Accolade and Specht v. Netscape.
> > Or perhaps Sega should have fought Accolade, not for
> > copyright infringement in the course of reverse engineering to create
> > games for the Sega console, but for interfering with Sega's ability to
> > engage in social engineering within the Sega-game-author community?
> Irrelevant, again.
If a court should allow a GPL library author to use copyright on an
API to force application authors to accept terms dictating that the
application be licensed under the GPL, then the Sega court should have
allowed Sega to force Accolade to accept terms dictating that Sega be
the exclusive manufacturer of all games produced by Accolade. That's
what Accolade set out to avoid by relying only on published sources
and reverse engineering to create interoperable games. I'd say that's
(And before you say it, reverse engineering isn't necessary when the
source code is published, as it is under the GPL. The Sega case alone
doesn't prove this, since the court focused on the accusation of
copyright infringement during reverse engineering, and didn't rule on
whether the content of the interface specification created by Accolade
(exclusive of the unlock code bit) was copyrightable. Had this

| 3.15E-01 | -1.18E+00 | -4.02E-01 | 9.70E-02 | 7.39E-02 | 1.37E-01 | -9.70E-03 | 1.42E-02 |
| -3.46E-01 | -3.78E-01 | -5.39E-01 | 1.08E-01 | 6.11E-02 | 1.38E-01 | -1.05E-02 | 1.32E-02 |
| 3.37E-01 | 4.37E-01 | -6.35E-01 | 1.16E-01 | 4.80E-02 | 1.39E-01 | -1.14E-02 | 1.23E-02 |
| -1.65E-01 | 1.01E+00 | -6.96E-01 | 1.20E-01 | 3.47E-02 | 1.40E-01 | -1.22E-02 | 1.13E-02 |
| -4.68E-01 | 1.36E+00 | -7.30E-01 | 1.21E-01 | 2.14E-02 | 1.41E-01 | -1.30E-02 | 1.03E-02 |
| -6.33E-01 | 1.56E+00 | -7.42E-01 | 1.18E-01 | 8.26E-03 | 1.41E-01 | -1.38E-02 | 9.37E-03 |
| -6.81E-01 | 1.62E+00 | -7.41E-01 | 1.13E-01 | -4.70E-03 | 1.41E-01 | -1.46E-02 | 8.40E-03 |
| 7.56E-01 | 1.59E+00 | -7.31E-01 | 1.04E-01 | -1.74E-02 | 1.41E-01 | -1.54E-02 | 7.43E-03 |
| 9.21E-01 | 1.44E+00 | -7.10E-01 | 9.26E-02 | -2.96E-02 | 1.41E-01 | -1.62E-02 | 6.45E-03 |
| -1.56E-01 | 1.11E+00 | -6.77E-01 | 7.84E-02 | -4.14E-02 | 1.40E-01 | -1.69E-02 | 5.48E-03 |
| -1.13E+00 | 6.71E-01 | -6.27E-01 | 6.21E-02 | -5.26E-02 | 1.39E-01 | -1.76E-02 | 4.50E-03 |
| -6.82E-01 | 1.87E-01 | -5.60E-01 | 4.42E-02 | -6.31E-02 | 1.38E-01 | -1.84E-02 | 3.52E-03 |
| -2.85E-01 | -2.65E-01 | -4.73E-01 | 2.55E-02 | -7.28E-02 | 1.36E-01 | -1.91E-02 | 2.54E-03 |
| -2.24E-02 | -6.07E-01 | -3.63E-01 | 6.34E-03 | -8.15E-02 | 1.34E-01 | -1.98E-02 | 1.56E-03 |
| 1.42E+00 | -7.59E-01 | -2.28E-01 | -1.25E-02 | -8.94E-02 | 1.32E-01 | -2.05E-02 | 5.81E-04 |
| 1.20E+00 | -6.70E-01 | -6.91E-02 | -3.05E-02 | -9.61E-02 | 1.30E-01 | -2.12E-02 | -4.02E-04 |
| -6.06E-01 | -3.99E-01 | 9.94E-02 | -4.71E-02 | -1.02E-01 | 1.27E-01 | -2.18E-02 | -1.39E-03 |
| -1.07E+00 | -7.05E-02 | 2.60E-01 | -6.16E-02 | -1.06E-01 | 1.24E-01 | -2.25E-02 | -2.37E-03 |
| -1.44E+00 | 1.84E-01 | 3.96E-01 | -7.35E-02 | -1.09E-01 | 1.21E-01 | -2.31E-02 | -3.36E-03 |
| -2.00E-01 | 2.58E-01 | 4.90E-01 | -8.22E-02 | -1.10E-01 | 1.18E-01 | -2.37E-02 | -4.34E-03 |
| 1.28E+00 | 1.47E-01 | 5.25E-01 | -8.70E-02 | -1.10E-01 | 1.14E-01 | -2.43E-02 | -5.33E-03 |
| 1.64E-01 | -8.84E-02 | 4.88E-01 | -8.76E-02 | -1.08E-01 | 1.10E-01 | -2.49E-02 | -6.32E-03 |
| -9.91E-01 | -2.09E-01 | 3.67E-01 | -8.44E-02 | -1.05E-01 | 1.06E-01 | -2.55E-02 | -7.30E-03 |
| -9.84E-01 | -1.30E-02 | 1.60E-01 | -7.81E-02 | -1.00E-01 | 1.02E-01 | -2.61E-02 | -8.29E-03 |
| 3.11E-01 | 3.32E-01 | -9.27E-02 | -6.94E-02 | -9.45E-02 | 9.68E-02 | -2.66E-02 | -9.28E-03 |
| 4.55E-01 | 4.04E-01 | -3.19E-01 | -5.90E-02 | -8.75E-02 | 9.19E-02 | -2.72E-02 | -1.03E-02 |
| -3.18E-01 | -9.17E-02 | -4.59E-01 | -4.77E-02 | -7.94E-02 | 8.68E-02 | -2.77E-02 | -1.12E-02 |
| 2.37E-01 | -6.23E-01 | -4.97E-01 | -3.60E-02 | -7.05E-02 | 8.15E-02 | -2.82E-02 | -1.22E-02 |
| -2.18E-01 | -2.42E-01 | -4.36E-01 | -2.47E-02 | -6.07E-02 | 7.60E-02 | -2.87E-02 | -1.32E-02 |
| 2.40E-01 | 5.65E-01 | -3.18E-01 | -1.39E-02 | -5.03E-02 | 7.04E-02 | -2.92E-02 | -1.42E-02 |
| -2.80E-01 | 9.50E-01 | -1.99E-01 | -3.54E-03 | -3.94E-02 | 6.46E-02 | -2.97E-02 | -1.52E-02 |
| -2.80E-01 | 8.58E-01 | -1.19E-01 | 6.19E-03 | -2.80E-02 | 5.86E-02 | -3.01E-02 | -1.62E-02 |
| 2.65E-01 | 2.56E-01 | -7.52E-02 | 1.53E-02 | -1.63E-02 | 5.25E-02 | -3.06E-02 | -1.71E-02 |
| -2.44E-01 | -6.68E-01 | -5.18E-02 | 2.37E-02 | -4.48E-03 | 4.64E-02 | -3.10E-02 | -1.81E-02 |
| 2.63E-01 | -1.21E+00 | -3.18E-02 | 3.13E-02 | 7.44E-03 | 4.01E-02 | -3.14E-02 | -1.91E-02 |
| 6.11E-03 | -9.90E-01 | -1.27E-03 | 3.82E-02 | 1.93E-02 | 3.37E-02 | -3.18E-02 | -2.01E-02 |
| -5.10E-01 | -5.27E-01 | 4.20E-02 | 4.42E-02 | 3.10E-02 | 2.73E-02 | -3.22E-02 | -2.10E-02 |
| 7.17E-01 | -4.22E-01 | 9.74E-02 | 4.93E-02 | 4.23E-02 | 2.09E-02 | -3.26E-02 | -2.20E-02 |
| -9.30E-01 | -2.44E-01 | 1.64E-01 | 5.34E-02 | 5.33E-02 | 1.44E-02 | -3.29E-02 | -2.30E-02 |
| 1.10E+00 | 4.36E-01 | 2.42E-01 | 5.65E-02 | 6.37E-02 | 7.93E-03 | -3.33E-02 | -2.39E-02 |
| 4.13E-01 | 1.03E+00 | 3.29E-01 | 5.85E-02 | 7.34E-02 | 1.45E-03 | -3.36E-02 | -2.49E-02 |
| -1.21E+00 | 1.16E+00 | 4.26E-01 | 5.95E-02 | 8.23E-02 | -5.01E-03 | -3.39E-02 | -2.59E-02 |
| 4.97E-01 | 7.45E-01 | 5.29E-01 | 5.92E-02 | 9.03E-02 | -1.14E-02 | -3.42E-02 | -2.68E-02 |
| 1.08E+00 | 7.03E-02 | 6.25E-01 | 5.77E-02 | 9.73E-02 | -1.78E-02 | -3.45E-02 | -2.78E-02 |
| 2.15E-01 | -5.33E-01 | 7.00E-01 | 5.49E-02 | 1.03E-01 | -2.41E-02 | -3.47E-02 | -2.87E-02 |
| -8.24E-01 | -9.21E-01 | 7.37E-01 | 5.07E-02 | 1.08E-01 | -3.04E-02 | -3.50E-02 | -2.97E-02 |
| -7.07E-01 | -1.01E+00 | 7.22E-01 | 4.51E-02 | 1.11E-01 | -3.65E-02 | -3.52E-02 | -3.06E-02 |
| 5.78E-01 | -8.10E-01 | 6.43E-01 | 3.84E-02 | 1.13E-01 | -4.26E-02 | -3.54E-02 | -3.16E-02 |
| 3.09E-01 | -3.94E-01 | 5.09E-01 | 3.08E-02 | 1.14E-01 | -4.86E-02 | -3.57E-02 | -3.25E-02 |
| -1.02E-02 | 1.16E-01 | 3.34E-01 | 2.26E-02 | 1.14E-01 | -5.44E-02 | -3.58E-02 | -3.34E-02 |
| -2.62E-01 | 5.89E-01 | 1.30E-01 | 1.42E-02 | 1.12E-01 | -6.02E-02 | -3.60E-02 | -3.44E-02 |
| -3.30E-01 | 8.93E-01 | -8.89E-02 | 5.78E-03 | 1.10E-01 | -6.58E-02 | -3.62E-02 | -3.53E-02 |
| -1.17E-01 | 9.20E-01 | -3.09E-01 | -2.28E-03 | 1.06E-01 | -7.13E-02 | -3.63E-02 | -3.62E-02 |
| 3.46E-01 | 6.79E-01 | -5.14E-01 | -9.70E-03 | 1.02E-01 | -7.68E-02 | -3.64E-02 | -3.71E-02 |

content been copyrightable, it could have supported a claim by Sega
that the games themselves infringed their copyright, since the "fair
use" defense only covered the reverse engineering process. To be
confident that Sega couldn't have prevailed on that claim either, you
need the logic in Lotus and Lexmark.)
> > Fortunately for us all, engineering reality tilts the playing field in
> > favor of componentization; where there are interchangeable components,
> > there are opportunities to find new uses for those components, some of
> > which may compete with their originators' interests; and courts
> > properly frown on the abuse of the copyright monopoly to block this
> > competition. There's a legal device designed to control the terms,
> > not merely of copying, but of use; it's called a patent, and (in
> > theory) requires a much greater showing of originality.
> You present a convincing case that contributory infringement is likely
> to be limited in scope. But that's not the same thing as distributing
> copies of the code behind the interface.
Right. That relies on the rights granted under the GPL. I am arguing
that the hypothetical application author has done nothing to justify
rescission of his GPL right to distribute the library.
> > I am, in fact, opposed to the idea that unlimited reach for copyleft
> > is desirable. I don't really care whether the software inside my
> > microwave oven is Free. I do want my government and my cellphone to